For West Seattle “Classic Novels (and Movies)” book club, 12/13/20

A. Ebeneezer Scrooge et al.: Dickensian characters par excellence

1. At the beginning of A Christmas Carol, the narrator informs us that Scrooge is all but one of the following. Which is not a trait shared by the first Scrooge?

a. hard and sharp as flint                    

b. secret and self-contained

c. solitary as an oyster                       

d. a grating voice                   

e. dressed “all in his best”

2. The adult Scrooge had one friend in the world: his business partner, Jacob Marley. Unfortunately, however, Marley has died. How long ago did Jacob Marley die?

a. last week                

b. seven years ago      

c. last year      

d. yesterday

3. In his initial encounter with his nephew, Scrooge belittles those who celebrate Christmas for all but one of the following reasons. Which reason is not in the story?

a. they live in a world of fools                       

b. they worship the birth of Jesus Christ

c. they find themselves a year older              

d. they have to pay their bills without money

4. In contrast, his nephew describes Christmastime differently. Identify which phrase is not voiced by Scrooge’s nephew in describing the season, in the early scene:

a. it is a time due veneration, given its sacred name and origin

b. it is a time to clean house and wash everything

c. it is the only time, in the long calendar of the year, when men and women seem by one consent to open their shut-up hearts freely, and to think of people below them as if they really were fellow-passengers to the grave, and not another race of creatures

d. it is a time that makes people feel good, despite the cost

B. Darkness and light: significant symbols

5. Which of the following is not in A Christmas Carol?

a. The opening scene takes place during a gloomy, foggy cold night

b. The last scene takes place on a day described as: “clear, bright, jovial, stirring, cold” with “Golden sunlight; Heavenly sky; sweet fresh air”.

c. The hair of Tiny Tim is described as “golden floss, glowing like a halo”

C. The Three Spirits.  Match the descriptions below to the supernatural characters

The characters include:  a. Ghost of Christmas Present; b. Ghost of Christmas Yet to Come; c. Ghost of Christmas Past


6. “It was shrouded in a deep black garment, which concealed its head, its face, its form, and left nothing of it visible save one outstretched hand.”

7. “It was a strange figure—like a child: yet not so like a child as like an old man… its hair was white as if with age; and yet the face had not a wrinkle on it… from the crown of its head there sprung a bright clear jet of light.”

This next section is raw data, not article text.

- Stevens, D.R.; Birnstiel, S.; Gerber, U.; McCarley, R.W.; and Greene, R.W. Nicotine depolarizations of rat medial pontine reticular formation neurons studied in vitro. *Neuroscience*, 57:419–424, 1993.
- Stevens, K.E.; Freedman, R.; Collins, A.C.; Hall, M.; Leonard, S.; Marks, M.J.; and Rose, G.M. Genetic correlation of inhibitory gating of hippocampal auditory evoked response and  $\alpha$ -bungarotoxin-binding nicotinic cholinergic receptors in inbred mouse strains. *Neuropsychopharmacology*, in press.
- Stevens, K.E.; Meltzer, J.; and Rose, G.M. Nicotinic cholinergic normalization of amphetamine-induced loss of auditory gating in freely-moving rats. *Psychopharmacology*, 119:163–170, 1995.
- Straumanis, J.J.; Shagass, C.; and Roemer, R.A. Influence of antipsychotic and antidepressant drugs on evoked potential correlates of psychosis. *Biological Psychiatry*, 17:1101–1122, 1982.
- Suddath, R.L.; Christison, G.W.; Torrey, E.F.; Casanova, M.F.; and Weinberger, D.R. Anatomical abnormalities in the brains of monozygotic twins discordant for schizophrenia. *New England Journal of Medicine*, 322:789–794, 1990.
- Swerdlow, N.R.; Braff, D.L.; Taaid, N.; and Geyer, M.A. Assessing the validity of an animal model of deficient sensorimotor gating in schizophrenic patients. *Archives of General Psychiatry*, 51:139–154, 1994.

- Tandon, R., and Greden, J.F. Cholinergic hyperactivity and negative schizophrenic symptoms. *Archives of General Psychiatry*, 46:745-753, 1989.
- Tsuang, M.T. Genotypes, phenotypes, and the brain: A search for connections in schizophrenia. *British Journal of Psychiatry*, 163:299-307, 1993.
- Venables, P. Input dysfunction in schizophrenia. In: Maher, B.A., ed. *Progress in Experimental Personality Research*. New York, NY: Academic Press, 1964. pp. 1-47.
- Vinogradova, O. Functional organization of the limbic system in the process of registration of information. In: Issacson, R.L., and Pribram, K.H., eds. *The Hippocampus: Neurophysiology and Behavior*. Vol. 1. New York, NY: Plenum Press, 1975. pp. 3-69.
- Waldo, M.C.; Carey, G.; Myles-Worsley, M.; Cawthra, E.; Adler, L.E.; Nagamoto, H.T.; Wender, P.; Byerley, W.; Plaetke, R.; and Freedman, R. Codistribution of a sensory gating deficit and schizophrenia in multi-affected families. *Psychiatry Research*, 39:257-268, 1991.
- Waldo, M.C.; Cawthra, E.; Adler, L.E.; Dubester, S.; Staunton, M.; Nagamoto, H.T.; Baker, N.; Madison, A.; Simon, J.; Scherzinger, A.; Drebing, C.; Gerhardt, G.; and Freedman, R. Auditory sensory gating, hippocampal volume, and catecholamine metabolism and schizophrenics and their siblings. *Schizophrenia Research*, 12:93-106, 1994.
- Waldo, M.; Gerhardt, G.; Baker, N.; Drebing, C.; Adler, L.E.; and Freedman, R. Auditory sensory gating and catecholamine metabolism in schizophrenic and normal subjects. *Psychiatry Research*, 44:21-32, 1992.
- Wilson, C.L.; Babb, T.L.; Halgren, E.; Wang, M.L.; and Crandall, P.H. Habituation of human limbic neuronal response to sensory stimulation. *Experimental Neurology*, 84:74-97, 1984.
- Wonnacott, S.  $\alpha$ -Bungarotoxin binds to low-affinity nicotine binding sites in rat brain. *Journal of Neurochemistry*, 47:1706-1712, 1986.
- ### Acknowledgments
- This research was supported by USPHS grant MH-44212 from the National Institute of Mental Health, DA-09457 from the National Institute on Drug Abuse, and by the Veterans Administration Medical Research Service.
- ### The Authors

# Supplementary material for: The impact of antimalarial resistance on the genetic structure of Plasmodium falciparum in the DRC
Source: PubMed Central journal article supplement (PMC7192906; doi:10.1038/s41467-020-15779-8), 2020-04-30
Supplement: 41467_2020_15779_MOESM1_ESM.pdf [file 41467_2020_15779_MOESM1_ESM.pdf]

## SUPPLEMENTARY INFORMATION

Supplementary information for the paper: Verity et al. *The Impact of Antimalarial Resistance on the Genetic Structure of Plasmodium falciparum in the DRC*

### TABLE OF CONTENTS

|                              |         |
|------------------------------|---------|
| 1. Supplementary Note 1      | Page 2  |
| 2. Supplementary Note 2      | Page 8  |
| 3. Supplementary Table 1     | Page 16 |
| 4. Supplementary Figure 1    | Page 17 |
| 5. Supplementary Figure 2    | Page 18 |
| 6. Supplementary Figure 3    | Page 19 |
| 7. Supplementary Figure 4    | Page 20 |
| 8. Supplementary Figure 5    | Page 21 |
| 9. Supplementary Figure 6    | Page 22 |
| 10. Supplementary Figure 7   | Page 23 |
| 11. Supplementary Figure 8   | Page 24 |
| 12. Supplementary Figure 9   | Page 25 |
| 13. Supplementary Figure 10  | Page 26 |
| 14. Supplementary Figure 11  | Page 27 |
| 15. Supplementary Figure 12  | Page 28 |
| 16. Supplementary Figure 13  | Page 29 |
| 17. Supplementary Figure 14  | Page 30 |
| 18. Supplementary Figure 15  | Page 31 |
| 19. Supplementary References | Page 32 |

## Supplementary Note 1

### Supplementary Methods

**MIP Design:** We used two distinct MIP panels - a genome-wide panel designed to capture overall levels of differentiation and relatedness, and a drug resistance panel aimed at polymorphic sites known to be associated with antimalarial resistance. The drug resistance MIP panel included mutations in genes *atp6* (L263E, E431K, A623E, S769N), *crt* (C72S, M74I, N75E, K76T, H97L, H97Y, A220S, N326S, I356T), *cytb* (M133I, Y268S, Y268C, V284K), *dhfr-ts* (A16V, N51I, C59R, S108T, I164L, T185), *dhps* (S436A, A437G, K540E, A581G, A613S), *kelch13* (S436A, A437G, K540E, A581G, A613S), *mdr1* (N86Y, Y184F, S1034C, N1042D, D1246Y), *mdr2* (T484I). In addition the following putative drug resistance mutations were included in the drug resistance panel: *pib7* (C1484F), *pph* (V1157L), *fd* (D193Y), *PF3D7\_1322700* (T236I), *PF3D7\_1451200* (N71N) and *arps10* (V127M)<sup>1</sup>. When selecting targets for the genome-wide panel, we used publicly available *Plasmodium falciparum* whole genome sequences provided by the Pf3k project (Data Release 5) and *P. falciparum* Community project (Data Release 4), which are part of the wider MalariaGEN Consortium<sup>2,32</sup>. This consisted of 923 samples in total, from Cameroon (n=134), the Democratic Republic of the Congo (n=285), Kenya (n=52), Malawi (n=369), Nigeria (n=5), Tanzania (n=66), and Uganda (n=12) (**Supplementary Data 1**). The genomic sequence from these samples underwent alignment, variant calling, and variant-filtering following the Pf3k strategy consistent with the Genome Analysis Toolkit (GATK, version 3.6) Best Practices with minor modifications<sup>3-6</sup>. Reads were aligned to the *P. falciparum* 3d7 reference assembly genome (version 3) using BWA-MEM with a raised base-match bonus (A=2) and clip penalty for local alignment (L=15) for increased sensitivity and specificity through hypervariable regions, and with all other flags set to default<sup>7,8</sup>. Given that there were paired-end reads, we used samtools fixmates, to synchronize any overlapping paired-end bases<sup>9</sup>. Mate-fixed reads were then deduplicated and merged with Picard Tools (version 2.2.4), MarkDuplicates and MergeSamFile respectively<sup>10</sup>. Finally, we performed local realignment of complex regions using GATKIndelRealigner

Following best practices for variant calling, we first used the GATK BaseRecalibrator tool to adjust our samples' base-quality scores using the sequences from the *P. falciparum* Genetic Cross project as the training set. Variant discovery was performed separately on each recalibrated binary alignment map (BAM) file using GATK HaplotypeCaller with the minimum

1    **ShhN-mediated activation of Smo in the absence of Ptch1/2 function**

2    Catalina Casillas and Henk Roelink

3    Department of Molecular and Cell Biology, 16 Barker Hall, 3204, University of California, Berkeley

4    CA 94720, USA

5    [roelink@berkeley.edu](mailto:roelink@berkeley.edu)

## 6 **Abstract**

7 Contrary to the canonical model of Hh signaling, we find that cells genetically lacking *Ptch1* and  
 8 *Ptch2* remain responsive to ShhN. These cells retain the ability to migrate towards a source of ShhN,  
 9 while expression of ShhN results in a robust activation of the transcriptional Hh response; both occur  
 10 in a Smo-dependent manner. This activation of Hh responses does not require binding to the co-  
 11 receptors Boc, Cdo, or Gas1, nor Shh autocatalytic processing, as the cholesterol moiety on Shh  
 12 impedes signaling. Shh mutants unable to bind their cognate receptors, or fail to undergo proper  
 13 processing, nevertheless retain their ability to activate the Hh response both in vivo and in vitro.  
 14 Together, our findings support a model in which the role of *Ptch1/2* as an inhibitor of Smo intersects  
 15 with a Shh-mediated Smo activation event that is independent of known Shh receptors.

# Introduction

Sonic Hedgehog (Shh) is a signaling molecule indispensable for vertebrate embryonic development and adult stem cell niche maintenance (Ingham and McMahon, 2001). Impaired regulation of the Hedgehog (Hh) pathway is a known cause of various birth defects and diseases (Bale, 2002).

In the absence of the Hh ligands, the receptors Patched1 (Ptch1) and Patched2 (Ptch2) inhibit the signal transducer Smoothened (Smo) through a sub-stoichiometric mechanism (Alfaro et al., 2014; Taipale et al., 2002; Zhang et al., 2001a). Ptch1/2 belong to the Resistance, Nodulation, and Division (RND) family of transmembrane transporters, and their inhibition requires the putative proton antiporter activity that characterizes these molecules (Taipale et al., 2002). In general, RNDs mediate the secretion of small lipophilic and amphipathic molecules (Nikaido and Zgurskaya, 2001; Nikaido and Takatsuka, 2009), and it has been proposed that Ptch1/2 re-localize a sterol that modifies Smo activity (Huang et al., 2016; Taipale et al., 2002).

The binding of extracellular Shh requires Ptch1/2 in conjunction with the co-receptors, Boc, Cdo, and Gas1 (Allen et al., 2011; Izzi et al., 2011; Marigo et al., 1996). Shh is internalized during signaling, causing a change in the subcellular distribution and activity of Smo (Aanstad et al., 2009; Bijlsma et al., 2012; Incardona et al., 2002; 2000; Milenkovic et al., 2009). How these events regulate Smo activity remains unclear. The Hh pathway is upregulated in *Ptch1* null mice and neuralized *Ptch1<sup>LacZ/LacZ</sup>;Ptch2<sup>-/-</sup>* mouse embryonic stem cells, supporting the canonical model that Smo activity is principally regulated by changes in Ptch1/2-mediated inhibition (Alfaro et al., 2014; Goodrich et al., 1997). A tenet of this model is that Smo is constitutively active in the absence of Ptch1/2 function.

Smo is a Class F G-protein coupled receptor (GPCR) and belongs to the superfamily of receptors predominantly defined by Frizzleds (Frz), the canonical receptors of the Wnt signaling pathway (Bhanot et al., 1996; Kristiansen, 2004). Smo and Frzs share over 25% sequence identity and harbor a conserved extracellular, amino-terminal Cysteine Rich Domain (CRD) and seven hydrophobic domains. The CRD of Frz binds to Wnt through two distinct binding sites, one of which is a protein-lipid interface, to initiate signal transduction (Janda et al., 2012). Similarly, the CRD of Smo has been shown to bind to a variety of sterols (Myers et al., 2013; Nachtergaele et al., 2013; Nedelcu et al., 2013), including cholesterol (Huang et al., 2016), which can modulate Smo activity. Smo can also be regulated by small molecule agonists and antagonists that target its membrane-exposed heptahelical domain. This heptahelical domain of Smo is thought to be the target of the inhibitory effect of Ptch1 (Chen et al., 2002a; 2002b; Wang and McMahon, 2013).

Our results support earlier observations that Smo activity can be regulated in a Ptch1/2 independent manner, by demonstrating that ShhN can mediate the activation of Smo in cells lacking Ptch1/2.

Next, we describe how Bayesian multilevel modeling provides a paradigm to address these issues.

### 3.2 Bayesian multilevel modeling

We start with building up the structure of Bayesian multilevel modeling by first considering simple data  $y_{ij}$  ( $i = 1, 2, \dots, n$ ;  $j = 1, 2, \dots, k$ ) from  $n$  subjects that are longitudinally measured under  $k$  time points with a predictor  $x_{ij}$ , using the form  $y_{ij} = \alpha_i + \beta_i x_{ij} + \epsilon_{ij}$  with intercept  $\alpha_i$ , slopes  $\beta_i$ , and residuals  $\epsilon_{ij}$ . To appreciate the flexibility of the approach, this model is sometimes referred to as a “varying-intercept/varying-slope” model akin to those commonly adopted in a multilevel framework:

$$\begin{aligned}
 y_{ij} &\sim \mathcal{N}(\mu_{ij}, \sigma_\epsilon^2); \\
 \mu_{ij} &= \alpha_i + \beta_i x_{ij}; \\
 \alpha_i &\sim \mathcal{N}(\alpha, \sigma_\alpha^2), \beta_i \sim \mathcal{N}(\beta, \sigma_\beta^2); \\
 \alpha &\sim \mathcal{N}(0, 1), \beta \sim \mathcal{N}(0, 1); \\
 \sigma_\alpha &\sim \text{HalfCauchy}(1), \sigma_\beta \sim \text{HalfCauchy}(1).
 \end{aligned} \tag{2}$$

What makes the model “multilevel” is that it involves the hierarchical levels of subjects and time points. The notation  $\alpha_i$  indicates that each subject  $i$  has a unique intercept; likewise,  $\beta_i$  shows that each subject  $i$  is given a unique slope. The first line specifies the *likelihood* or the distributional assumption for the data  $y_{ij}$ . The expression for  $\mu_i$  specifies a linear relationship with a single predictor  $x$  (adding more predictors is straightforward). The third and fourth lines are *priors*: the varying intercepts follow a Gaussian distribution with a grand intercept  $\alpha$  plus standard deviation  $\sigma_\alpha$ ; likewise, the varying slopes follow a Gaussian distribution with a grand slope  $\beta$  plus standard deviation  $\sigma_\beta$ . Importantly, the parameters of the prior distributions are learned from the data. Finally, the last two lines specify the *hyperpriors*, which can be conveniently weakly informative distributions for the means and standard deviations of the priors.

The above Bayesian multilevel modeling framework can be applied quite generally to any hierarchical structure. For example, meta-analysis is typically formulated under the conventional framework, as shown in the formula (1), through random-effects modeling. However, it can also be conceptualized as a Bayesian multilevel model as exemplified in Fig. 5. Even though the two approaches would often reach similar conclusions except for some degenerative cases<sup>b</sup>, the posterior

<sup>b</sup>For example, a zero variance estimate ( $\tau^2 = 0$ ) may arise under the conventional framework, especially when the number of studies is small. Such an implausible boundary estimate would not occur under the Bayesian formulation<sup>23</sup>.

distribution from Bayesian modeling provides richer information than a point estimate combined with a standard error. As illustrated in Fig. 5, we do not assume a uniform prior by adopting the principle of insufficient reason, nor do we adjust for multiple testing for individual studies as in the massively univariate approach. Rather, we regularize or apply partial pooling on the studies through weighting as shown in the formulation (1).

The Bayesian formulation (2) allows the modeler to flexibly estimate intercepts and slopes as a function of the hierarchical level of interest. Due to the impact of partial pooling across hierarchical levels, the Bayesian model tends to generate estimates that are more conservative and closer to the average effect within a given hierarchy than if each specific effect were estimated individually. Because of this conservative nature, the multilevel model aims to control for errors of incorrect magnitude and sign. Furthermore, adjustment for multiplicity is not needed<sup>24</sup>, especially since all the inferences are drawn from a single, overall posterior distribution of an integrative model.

8. “Girded round its middle was an antique scabbard, but no Sword was in it, and the ancient sheath was eaten up with rust.   … Notwithstanding its gigantic size, he could accommodate himself to any place with ease.”

D. The Women of A Christmas Carol: Cynics or Sages?

9. Mrs. Cratchit, like Scrooge’s niece by marriage and the charwomen, refuse to honor Scrooge. The narrator, in describing their dislike for the man, seems to :

a. Excuse the behavior, with a proverb: “Bless those women; they never do anything by halves. They are always in earnest.”

b. Condemn the behavior, by mentioning: “What then? If she be like to die, she had better to do it, and decrease the surplus population.”

c. Accept the behavior, with the note: “Every person has a right to take care of themselves. He always did.”

E. History and Language

10. Which of the following details, signaling the historical situation of London in 1843, do not exist in A Christmas Carol?

a. people cook their meals in the oven at the local bakery, for lack of proper equipment at home

b. people roast chestnuts on the fire

c. people enjoy a pudding that “smells like washing day” when its cloth is unwrapped

d. people have pillow fights in the street on Christmas morning

11. Why did Charles Dickens use the word staves instead of chapters?

a. to indicate that each section is another board making up the walls of Scrooge’s prison, since a “stave” means a narrow strip of wood or iron plate, which when placed edge to edge form the sides, covering, or lining of a vessel (such as a barrel) or structure.

b. to signify that the novel was a carol in prose form, because in music a “stave” is the five lines and four spaces between them on which musical notes are written.


1. e.

2. b.

3. b.

4. b.

5. c.

6.  b. This description (“It was shrouded in a deep black garment, which concealed its head”) pertains to the Ghost of Christmas Yet to Come.

7. c. The Ghost of Christmas Past is portrayed as “It was a strange figure—like a child: yet not so like a child as like an old man.”

8. a. The Ghost of Christmas Present is depicted as: “Notwithstanding its gigantic size, he could accommodate himself to any place with ease.”

9. c.

10. d.

11. b.


Trivia Quiz for “Villette” by Charlotte Brontë